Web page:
LINCOLN CENTER of the Performing Arts




Home of the Metropolitan Opera,
the New York Philharmonic Orchestra

and the Jazz Center
LINCOLN CENTER OF THE PERFORMING ARTS, built in the 1960's, is the largest performing arts center in the world and houses some of the City’s major cultural institutions including the Metropolitan Opera House, the New York Philharmonic Orchestra, the New York City Ballet, and the most recent addition, the Jazz Center (located in the Time Warner Center building).  

The Metropolitan Opera House is the centerpiece of three large buildings and a fountain within the Plaza.  The Metropolitan Opera was designed by architect Wallace K. Harrison.  Its external has five arches built of travertine (a natural stone from Tivoli, Italy – near Rome -- the same stone used for the building of Rome’s Colosseum), and its stage contains seven full-stage elevators and two cycloramas.  The Opera’s main lobby has two large, modern murals by Russian painter, Marc Chagall.  Avery Fisher Hall, the building (barely seen here) on the right of the Plaza, is the home to the New York Philharmonic Orchestra -- the oldest symphony orchestra in America and one of the oldest in the world (founded in 1842). 

Lincoln Center is located in a neighborhood once known as San Juan Hill and at one time the  largest African-American community in Manhattan.  It was named San Juan Hill in honor of the Buffalo Soldiers, NYC black veterans of the 71st Regiment Infantry during the Spanish-American War.  The regiment fought a battle at San Juan Hill in Cuba with Teddy Roosevelt.  The New York Times has reported that even today there is a mystery surrounding how Lincoln Center got its name.  Some believe its name comes from the neighborhood in which it was built: Lincoln Square: the area between Columbus and Amsterdam Avenues and West 63rd and West 66th streets.

This neighborhood is just above the Hell's Kitchen neighborhood – now known as Clinton (which ends at 59th Street) -- where the fictional Italian and Puerto Rican youth gangs of the Sharks and the Jets lived and battled in one of American theatre’s greatest musicals, West Side Story.  Leonard Bernstein, who composed the musical score for West Side Story, was the director of the New York Philharmonic orchestra at Lincoln Center for many years.  Lincoln Center’s Young People’s Concerts, conducted primarily by Bernstein, were telecast live for over 20 years.  Juilliard School is also located in the Center’s complex.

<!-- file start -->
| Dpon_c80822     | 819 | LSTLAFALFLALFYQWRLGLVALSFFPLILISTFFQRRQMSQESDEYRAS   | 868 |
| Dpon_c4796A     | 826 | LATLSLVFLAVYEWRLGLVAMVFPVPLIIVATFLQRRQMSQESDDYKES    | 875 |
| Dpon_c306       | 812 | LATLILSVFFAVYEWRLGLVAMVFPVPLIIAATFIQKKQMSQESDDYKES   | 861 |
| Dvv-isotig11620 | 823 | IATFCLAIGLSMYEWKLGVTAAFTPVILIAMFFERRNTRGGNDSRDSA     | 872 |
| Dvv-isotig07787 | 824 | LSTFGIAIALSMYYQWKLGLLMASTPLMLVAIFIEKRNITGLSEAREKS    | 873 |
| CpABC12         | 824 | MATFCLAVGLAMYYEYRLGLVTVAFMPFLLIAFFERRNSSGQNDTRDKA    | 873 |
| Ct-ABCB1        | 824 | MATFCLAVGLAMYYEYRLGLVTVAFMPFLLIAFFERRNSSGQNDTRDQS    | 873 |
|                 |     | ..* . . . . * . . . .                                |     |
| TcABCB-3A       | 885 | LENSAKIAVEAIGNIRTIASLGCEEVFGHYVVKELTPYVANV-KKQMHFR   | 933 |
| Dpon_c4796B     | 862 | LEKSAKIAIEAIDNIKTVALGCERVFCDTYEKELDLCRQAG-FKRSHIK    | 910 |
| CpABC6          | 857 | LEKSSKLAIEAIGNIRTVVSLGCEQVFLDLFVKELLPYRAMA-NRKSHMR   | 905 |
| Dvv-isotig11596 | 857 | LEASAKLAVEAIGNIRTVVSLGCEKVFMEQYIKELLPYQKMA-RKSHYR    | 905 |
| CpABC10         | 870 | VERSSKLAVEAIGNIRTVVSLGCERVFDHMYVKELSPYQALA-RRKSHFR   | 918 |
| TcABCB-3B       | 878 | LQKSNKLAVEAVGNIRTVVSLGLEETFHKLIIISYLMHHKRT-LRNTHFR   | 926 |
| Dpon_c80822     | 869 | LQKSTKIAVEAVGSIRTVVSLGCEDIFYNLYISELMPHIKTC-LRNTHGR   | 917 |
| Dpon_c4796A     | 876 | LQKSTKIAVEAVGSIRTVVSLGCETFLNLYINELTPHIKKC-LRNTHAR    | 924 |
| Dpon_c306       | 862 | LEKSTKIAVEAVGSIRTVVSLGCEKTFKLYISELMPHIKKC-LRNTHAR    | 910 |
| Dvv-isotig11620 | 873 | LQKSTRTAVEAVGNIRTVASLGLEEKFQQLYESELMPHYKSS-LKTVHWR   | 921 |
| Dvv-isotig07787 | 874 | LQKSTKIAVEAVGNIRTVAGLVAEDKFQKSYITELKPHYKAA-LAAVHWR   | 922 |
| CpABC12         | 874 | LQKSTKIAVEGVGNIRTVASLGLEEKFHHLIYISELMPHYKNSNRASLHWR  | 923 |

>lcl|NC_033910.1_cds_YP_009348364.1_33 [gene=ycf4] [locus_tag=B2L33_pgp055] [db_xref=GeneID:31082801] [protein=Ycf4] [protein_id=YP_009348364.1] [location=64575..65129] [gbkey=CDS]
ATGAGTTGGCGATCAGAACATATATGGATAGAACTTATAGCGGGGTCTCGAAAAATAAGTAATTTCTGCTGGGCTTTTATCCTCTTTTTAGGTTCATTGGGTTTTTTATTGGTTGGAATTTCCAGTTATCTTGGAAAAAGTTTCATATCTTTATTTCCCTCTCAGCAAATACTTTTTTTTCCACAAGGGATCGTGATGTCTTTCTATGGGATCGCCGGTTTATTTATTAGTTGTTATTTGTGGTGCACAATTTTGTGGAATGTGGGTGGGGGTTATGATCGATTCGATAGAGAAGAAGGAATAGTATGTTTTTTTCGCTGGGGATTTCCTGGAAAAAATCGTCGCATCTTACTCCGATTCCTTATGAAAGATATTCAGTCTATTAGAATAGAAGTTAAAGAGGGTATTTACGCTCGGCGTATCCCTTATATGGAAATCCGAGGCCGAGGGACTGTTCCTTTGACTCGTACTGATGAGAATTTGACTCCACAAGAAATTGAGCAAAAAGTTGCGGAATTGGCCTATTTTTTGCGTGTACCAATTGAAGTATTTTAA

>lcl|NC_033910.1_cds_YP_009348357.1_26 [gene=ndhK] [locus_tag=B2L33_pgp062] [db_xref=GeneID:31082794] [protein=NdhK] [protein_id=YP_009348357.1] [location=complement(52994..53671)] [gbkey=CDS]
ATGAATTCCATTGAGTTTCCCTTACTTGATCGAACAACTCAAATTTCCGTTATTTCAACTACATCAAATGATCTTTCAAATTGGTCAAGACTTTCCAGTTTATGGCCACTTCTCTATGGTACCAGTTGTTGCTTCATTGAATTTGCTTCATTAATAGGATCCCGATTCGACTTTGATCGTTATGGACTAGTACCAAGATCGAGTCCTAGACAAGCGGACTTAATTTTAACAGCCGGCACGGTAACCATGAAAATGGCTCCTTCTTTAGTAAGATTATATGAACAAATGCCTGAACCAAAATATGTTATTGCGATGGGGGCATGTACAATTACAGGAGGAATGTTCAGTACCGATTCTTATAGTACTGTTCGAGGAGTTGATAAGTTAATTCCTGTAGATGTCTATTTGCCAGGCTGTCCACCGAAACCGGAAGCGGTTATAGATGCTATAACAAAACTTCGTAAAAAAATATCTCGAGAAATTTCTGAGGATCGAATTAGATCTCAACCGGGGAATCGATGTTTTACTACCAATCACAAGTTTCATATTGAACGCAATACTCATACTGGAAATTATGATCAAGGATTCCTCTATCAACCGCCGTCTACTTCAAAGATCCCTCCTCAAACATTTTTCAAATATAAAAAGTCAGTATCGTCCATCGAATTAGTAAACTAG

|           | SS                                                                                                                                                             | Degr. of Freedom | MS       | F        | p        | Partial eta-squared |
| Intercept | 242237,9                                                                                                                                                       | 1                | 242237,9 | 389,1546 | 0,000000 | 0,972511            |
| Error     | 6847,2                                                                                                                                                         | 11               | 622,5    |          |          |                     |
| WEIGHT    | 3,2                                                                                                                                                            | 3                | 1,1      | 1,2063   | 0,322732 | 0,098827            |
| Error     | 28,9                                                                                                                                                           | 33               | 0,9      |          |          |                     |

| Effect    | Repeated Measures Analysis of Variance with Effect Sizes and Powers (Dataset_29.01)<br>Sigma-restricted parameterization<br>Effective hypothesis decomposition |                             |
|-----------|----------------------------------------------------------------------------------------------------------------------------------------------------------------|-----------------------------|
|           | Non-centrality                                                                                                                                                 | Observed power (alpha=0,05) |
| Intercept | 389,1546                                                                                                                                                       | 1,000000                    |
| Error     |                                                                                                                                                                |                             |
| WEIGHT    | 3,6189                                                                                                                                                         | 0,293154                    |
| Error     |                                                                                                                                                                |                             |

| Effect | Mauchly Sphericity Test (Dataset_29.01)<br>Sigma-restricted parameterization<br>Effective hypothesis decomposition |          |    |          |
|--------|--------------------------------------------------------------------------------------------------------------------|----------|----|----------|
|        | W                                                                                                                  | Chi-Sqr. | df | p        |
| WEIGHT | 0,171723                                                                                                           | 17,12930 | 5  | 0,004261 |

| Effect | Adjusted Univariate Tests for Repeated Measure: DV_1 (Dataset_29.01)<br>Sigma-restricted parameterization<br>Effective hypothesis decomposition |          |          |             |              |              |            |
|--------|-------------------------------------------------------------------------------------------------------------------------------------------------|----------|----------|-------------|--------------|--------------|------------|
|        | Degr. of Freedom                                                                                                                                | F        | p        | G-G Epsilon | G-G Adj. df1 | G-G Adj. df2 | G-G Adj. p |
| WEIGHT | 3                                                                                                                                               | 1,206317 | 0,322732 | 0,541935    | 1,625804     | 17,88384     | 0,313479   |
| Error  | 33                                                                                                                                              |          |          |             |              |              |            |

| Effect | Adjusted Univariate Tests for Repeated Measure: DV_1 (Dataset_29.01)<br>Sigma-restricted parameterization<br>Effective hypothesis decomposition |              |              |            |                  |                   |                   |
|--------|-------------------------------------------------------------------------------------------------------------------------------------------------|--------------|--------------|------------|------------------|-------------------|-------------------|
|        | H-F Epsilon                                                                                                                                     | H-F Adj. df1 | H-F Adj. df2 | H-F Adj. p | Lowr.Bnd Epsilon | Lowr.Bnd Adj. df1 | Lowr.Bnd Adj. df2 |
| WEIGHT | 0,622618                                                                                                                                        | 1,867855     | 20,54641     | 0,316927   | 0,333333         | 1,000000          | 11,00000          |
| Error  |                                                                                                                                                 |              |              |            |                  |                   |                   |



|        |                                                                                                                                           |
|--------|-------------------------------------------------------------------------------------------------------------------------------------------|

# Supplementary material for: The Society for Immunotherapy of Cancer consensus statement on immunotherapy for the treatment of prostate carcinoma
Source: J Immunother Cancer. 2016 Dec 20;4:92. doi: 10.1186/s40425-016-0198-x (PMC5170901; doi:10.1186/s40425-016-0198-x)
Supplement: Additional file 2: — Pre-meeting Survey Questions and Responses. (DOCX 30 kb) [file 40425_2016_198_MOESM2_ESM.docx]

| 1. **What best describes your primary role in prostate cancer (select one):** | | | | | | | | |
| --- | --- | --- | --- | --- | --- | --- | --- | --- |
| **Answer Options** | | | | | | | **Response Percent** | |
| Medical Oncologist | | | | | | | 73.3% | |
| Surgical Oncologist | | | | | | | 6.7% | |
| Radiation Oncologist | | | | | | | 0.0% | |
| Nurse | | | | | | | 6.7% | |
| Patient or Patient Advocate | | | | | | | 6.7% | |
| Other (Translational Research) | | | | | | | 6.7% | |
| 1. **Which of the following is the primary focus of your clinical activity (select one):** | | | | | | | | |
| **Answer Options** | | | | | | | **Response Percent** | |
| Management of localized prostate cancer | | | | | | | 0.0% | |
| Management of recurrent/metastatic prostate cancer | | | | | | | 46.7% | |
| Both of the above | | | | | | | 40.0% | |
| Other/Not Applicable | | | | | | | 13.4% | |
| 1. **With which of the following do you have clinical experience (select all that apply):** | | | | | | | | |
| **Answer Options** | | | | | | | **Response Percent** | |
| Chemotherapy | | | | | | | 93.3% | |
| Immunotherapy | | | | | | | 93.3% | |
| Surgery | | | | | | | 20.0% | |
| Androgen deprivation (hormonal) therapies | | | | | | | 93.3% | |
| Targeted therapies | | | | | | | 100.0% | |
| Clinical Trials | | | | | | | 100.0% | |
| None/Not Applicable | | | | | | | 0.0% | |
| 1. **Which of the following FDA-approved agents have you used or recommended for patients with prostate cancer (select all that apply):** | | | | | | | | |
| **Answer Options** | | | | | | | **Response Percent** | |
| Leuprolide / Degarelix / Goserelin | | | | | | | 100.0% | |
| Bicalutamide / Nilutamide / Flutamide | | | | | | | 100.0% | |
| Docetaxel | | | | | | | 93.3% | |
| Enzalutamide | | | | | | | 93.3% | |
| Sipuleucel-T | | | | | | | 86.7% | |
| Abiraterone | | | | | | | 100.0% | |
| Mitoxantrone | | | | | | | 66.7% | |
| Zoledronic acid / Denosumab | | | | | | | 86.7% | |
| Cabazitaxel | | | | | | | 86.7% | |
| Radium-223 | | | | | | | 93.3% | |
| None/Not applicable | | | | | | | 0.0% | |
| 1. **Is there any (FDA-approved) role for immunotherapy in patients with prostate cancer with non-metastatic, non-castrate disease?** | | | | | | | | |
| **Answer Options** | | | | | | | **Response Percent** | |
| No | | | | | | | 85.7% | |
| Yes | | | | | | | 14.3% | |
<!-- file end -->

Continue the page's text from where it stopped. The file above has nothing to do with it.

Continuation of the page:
The neighborhood is also one where jazz pianist, Thelonious Monk, grew up (on West 63rd Street).  It's appropriate that the Jazz Center is located near the West Fifties where West 52nd Street was once known as "Swing Street" due to the large number of jazz club located there.  These clubs included:  Down Beat Club, Famous Door, Kelly's Stable, Onyx Club (where Billie Holiday often performed), Spotlite (the only black-owned club on 52nd Street), Three Deuces and the Yacht Club. 

Jazz and jazz clubs were also very popular in Brooklyn where the following clubs might be found:  Baby Grand, Club Continental, Club 78, Kingston Lounge, Pleasant Lounge, Tony's Club Grandean (a black-owned club at Grand Avenue and Dean Street) and the Wagon Wheel. 

Lincoln Center celebrated its 50th anniversary in 2009 and recently underwent a $1.2 billion major renovation.  White lights now light the stairs to the promenade and LED messages stroll across the stairs welcoming visitors and announcing performances.  A tilting grass roof covers the Lincoln Ristorante and there's also a reflecting pool.  Even the water in the plaza's fountain has been choreographed to present both day and evening programs and 272 LED lights light the water's performances in the evening.  At its highest the water rises to 12 feet and there are actually 475 gallons of water in the air.  A large LED screen above the David H. Koch Theater, originally the New York State Theater, projects scenes from plays and other events at Lincoln Center for the public to view.  

Writer Justin Davidson noted that Lincoln Center's construction in 1959 and the scale of Lincoln Center "speaks as much of America's cultural insecurity as of its pride.  In the fifties, New York was still getting used to being a world capital of culture, and its leaders were anxious to show the world that the city could value the stuff as much as money or military might.  Lincoln Center was, among other things, a move in the Cold War prestige game." -- New York Magazine, May 18, 2009

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